The last “and most distressingly immediate problem” listed is how the “Synodal Path” risks undermining the credibility of the very concept of synodality — particularly relevant at a time when Pope Francis is attempting to lead the universal Church through a “synod on synodality.”
“By its destructive example, [Germany’s Synodal Path] may lead some bishops, and may lead many otherwise faithful laypeople to distrust the very idea of ‘synodality,’ thus further impeding the Church’s necessary conversation about fulfilling the mission of converting and sanctifying the world.”
More Signatures Sought
Currently the letter’s 74 signatories include 48 Americans, including seven archbishops: Archbishop Paul Coakley of Oklahoma City, Archbishop Salvatore Cordileone of San Francisco, Archbishop Joseph Naumann of Kansas City, Kansas, Archbishop Alexander Sample of Portland, Oregon, Archbishop Emeritus Joseph Kurtz of Louisville, Kentucky, Archbishop Emeritus Charles Chaput of Philadelphia and Archbishop Samuel Aquila of Denver, who previously wrote his own criticism of the first texts to emerge from the German “Synodal Path.”
“The German Church does not and cannot speak for the universal Church, and I am encouraged to see so many bishops speak out in defense of the faith,” said Archbishop Aquila in a comment provided to the Register.
Notably, the letter does not include the signature of Archbishop José Gomez, the president of the U.S. Conference of Catholic Bishops. Additionally, none of the six cardinal metropolitans in the U.S had signed the document at the time of its publication.
Most of the letter’s non-U.S. signatories hail from Africa, especially Tanzania, which has 14 bishops included.
The letter, which originated among a group of U.S. bishops, spread to other possible signatories through word of mouth. Widespread dissemination was limited by a desire to keep the contents of the letter confidential before its publication, but Bishop Paprocki is clear that the letter is “not meant to be a closed list.”
In fact, the letter’s organizers have provided the email address [email protected] where other bishops can request to add their names to the letter.
“My hope would be that other bishops who, for whatever reason, didn’t have an opportunity to [sign on previously] would not feel excluded, but, in fact, would feel they now have an opportunity to add their name to the list,” said Bishop Paprocki. “So I would hope to see that list continue to grow.”
In fact, by releasing the letter publicly after already securing 70-plus signatures, including the signatures of some internationally respected ecclesial figures, Bishop Paprocki believes that other bishops who might be concerned about departing from “the mainstream in terms of collegiality and communicating with fellow bishops” will have an easier time signing onto the letter than they would have by themselves.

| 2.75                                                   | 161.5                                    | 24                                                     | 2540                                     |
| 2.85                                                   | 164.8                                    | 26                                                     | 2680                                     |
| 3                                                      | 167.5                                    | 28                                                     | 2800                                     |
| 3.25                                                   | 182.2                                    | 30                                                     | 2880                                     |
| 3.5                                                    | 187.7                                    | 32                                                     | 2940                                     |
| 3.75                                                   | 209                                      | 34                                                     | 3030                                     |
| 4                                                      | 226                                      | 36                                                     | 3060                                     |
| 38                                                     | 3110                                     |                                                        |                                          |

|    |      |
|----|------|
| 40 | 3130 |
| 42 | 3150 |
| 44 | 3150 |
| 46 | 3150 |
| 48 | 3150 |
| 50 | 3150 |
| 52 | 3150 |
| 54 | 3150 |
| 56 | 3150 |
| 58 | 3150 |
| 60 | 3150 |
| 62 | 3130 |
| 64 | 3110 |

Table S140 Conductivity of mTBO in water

“I think that this helps address those kinds of reservations or hesitations that a bishop might have, just seeing the number of bishops that are already on this and the names that are represented here.”
Signatories who spoke to the Register said they hoped the letter would both lead to doctrinal clarity and preserve ecclesial unity.
Cardinal Napier said he expects the letter to generate widespread conversation among the African episcopate regarding Germany’s “Synodal Path” and its possible threat to Church unity.
“What we don’t want to see is the splitting up of the Church. I don’t think anybody wants to see that,” he said, including the German bishops.
The South African cardinal also noted that, because of the great respect African bishops have for Church authority and the Holy Father, he would expect even more outspokenness from the continent regarding Germany’s “Synodal Path” if it was perceived as going against the intentions of Pope Francis and threatening Church unity.
Cardinal Pell, for his part, insists that unity can only be built upon a shared commitment to the Apostolic tradition. He describes the errors advanced by the “Synodal Path” as a source of “moral confusion and relativism” that undermines authentic doctrinal unity. The Australian cardinal says it now “would be very appropriate, indeed necessary,” for the Congregation for the Doctrine of the Faith to provide a clarification regarding the problematic views being advanced in Germany.
“As successors of the apostles, we’ve got something of a duty to bear witness to the truth,” he told the Register.
Bishop Paprocki says the “ultimate hope” of the letter campaign is to have the German bishops see the widespread concern from their episcopal brethren and “reassess what it is they’re doing, getting back on course with the true teachings of the Church” — especially before the “Synodal Way” issues its final documents in February 2023.
The Springfield bishop mused that perhaps the German bishops thought their release of the “Synodal Path” draft documents would prompt other bishops from around the world to “get on board” with their controversial positions. Instead, he thinks the opposite has happened.
“What we see is an international response of bishops to the bishops of Germany, saying, ‘Brother bishops, you’re going down the wrong path, and we hope that you’ll get back on course.’”